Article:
When I wrote for Boston.com, I got this question:
How does a buyer figure out which problems common in “compromise” houses are fixable and which should signal the call “run away! How can buyers in a price bracket (say $50k wide) maximize their housing purchase – are there solutions to problems that are common in homes in that price range? Low ceilings, small bedrooms, cramped bathrooms, etc?
Too high: Rooms with very high ceilings are expensive to heat. Although people like the sense of space that a cathedral ceiling creates, they pay for it with their heating dollars. Most of my clients still like them. Then there is a “normal” ceiling height that is somewhere around seven feet to eight feet. Most people are comfortable with that. As soon as ceiling height falls below six-and-a-half feet, people start to feel cramped. I consider that a “run away” quality. If you hate it when house hunting, you’ll hate it the whole time you live there.
Too low: I once had a client who really liked a house for sale that had six-foot ceilings. I did everything I could to talk him out of it. His rationale was that he was short and so was his girlfriend. I reminded him that all his friends were not so short. I did my best… His parents talked him out of it and I was relieved. When they were looking at it, we called it “the hobbit house.”
A house with abnormally short ceilings will always have a drag on resale. Short basement ceilings have a similar negative, but not as much. If the ceiling is not a bit over six feet down there, most people will not use the basement much. This affects resale, but is not deadly; it only annoys you once in a while, when you’re doing laundry or something.
Dropped ceilings: Then there are ceilings that were lowered by “dropped ceilings.” Beware of them. Most were done for energy savings in the 1970s. But, since then that space may have been used by electricians and plumbers. You may find that it will cost thousands to rewire and replumb the wires and pipes that now lurk in the space between the dropped ceiling panels and the old plaster ceiling.
Ugly ceilings: Ugly is in the eye of the beholder. Some people cannot abide shiny/sparkly patterns on plaster ceiling. The solution for these is either a plaster skim-coat or a new layer of sheet-rock over the existing plaster. For “popcorn” ceilings, you need to sheet rock. (Also, some popcorn ceilings had asbestos and should not be scraped.) These changes could cost up to $500 a room. It adds up fast if the whole house has ugly ceilings. One cost-effective way to solve ugly ceilings is to add ceiling time. But, some people think that’s ugly, too.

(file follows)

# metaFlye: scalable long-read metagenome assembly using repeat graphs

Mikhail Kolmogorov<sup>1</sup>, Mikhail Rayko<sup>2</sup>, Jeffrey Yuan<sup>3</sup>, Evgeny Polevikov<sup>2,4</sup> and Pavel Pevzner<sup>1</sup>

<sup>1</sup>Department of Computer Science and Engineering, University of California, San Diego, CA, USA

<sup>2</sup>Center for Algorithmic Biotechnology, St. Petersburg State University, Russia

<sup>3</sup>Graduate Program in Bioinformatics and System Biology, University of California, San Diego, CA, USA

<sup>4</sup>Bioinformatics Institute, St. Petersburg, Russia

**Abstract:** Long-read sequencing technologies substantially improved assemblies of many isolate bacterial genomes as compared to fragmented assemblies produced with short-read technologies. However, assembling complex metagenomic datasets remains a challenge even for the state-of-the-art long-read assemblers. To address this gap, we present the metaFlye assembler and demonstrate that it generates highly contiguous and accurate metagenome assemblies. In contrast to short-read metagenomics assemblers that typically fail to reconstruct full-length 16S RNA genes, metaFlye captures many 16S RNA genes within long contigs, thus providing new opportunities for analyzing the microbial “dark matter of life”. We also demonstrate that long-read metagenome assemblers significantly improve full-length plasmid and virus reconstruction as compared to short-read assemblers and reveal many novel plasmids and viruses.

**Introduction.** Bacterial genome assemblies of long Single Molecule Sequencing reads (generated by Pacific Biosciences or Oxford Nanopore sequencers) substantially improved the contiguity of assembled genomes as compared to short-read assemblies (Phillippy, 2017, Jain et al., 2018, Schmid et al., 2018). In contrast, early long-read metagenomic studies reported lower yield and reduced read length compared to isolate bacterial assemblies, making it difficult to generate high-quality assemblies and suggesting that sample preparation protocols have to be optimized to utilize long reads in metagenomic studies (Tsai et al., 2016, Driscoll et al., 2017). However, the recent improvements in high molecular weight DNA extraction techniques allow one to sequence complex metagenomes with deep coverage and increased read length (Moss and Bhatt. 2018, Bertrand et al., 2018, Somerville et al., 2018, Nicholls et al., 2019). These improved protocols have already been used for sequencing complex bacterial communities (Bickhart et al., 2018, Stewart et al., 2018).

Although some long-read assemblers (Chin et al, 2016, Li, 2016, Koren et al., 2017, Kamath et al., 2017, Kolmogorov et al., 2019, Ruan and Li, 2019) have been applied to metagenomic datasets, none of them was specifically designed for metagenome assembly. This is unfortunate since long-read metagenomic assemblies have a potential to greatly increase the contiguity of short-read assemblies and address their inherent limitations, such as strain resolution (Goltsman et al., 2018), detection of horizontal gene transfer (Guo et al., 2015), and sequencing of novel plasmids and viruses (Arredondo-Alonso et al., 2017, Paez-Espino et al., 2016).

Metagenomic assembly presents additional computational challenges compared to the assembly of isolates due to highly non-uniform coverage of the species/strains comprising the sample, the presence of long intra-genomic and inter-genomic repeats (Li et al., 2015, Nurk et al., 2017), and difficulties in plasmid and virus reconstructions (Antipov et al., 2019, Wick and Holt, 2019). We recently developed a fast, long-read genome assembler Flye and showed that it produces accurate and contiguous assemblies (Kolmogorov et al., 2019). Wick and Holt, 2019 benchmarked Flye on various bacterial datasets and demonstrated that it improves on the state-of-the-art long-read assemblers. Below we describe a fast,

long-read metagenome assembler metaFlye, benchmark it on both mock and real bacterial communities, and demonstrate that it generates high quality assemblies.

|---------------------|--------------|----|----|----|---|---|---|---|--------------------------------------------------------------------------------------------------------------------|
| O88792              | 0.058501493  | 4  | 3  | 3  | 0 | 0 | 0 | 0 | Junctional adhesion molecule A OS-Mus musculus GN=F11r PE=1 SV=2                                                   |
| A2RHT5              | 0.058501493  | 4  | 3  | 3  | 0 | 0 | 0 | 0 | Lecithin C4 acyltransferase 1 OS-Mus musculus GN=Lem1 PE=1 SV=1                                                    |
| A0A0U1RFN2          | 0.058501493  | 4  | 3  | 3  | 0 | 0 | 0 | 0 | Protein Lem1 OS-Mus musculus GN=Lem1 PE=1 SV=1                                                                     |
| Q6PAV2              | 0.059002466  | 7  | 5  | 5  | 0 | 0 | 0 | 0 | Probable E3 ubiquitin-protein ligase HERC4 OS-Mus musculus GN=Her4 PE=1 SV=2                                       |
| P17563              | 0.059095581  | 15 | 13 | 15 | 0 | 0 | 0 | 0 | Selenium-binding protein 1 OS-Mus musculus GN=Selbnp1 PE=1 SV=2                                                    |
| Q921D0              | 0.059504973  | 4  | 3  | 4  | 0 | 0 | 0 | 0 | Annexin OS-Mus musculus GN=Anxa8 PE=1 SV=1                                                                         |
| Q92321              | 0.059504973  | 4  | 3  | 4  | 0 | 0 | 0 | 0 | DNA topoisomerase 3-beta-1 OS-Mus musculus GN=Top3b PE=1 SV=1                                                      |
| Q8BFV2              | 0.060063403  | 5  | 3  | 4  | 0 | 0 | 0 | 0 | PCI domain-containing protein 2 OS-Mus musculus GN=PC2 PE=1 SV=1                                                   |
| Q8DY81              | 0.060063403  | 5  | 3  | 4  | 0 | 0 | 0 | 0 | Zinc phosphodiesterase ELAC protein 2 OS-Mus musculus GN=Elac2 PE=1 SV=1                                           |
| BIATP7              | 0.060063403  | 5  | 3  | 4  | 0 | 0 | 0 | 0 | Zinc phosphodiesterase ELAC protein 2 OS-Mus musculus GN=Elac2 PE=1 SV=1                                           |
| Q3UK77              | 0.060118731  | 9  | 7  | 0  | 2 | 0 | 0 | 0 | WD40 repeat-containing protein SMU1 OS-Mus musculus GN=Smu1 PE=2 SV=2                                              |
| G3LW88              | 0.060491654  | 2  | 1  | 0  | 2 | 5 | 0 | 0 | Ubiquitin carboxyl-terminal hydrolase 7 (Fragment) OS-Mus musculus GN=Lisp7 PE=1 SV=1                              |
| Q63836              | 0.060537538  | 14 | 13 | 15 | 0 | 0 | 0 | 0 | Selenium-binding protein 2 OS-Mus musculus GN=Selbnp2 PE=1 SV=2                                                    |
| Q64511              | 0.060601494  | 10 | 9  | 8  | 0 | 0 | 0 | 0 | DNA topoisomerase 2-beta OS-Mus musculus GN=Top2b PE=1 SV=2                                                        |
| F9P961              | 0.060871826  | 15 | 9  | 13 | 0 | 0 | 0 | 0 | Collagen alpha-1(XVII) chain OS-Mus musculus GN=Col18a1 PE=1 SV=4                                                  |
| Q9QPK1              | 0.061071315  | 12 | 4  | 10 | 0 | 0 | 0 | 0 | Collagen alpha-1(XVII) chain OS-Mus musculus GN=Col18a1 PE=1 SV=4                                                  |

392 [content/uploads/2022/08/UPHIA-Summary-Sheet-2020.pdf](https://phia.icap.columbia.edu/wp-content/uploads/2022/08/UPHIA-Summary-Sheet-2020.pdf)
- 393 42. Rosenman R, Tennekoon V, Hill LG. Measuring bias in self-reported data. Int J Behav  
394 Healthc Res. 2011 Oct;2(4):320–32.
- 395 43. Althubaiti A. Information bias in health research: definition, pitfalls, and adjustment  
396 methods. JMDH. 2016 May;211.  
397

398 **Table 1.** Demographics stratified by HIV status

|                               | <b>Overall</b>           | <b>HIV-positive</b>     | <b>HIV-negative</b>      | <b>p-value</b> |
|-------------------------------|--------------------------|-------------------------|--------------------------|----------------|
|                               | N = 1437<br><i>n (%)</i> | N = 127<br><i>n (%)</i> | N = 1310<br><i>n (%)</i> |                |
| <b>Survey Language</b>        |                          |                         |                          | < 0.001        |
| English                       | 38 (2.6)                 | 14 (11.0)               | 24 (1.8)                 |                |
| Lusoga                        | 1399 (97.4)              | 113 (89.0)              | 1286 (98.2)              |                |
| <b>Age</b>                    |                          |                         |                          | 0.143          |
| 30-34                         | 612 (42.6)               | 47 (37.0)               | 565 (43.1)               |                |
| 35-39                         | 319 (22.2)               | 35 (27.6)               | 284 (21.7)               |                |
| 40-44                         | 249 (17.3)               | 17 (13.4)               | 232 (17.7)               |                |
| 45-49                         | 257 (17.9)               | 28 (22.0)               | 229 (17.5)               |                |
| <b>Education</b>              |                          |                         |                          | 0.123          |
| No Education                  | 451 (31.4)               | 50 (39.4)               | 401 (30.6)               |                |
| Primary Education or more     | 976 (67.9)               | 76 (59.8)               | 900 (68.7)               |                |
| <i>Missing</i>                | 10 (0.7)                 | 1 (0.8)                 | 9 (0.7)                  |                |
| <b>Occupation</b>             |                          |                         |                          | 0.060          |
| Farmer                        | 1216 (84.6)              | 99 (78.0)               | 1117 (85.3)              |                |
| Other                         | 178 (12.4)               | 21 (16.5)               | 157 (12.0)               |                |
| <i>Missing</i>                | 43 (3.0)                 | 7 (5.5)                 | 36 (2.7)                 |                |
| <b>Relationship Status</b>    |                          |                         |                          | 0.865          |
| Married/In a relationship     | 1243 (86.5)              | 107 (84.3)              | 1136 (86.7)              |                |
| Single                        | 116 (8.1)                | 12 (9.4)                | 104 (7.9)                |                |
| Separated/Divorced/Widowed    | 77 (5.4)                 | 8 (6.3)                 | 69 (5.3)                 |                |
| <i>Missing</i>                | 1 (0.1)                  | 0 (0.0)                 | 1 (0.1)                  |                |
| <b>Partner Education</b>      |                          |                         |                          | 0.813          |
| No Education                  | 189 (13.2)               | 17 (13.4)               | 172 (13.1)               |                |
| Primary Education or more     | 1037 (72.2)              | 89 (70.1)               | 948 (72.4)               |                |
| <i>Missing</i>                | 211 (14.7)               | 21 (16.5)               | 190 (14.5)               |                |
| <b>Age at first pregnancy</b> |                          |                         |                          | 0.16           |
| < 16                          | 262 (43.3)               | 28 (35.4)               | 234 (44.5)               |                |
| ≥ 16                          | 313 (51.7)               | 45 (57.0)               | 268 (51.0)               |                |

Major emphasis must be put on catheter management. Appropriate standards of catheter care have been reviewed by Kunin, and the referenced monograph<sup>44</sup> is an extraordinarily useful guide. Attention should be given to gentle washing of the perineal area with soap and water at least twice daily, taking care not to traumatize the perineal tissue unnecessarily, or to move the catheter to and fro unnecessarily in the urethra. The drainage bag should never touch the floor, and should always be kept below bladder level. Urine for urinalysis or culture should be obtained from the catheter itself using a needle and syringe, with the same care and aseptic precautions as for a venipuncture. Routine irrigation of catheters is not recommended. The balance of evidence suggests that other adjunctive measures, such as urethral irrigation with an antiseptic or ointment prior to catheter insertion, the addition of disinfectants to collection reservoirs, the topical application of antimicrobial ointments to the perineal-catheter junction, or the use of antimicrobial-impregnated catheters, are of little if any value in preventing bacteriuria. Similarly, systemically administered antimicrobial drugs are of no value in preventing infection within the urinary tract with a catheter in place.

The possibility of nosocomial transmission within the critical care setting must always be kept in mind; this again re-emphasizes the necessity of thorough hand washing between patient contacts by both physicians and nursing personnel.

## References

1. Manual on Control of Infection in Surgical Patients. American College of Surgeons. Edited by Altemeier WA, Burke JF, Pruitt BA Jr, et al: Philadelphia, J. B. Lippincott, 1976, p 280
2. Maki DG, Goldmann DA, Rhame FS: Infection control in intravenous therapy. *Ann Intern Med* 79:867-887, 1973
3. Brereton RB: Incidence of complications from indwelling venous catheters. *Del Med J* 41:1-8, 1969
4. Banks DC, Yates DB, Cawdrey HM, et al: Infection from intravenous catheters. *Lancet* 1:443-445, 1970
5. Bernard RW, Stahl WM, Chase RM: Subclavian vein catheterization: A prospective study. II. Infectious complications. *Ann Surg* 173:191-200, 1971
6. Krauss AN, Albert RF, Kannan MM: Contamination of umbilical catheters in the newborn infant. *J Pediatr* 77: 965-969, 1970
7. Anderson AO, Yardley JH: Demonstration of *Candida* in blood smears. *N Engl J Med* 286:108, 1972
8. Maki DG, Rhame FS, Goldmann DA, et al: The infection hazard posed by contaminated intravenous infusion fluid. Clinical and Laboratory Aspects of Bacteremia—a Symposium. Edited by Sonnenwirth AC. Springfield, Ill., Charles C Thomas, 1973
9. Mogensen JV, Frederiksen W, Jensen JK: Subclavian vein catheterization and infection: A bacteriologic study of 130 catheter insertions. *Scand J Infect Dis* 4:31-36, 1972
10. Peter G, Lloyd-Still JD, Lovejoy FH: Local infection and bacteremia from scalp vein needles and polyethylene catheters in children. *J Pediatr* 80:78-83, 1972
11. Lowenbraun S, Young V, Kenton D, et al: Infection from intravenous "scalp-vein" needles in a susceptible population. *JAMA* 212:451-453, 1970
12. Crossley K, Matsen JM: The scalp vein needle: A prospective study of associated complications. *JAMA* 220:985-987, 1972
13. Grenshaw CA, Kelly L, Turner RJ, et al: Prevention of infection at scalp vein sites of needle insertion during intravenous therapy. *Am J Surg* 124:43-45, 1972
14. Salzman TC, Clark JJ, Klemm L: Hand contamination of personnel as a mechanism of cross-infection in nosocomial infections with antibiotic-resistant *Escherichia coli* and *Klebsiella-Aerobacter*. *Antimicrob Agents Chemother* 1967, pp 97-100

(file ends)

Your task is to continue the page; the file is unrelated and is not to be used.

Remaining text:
Small bedrooms are a double-edged sword. The value of a house or condo is heavily influenced by the number of bedrooms it has. However, if the bedrooms are so small that a bed won’t fit in them, most buyers will reject it anyway. I know you have all seen rooms like that! I see them all the time.
In terms of value, a condo with two bedrooms is a better investment than a one-bedroom one. A three-bedroom house is a lot better, economically, than a two-bedroom one. So, if you get the urge to knock down a wall to make a bigger bedroom, you could decrease the value of your property if you are creating a place without enough bedrooms for its type. Before making the decision to expand a bedroom by combining two together, ask you agent to do a survey of the typical number of bedrooms in that immediate neighborhood. You are economically disadvantaged if you have the only two-bedroom house on a block where most have three bedrooms.
Bathrooms are surprisingly expensive to modify. It will cost you an arm and a leg to increase the size of your bathroom unless there is a closet next to the bathroom — not on the wall where the plumbing is. In that case, you can go through that wall and gain the closet floor space and it can be done for not much more than a typical bathroom renovation.
If you need to move plumbing, the cost goes up fast. If you are on the second floor of a condo, the price includes finding a way for plumbing to go through your downstairs neighbor’s space. Can I say “cah-ching!”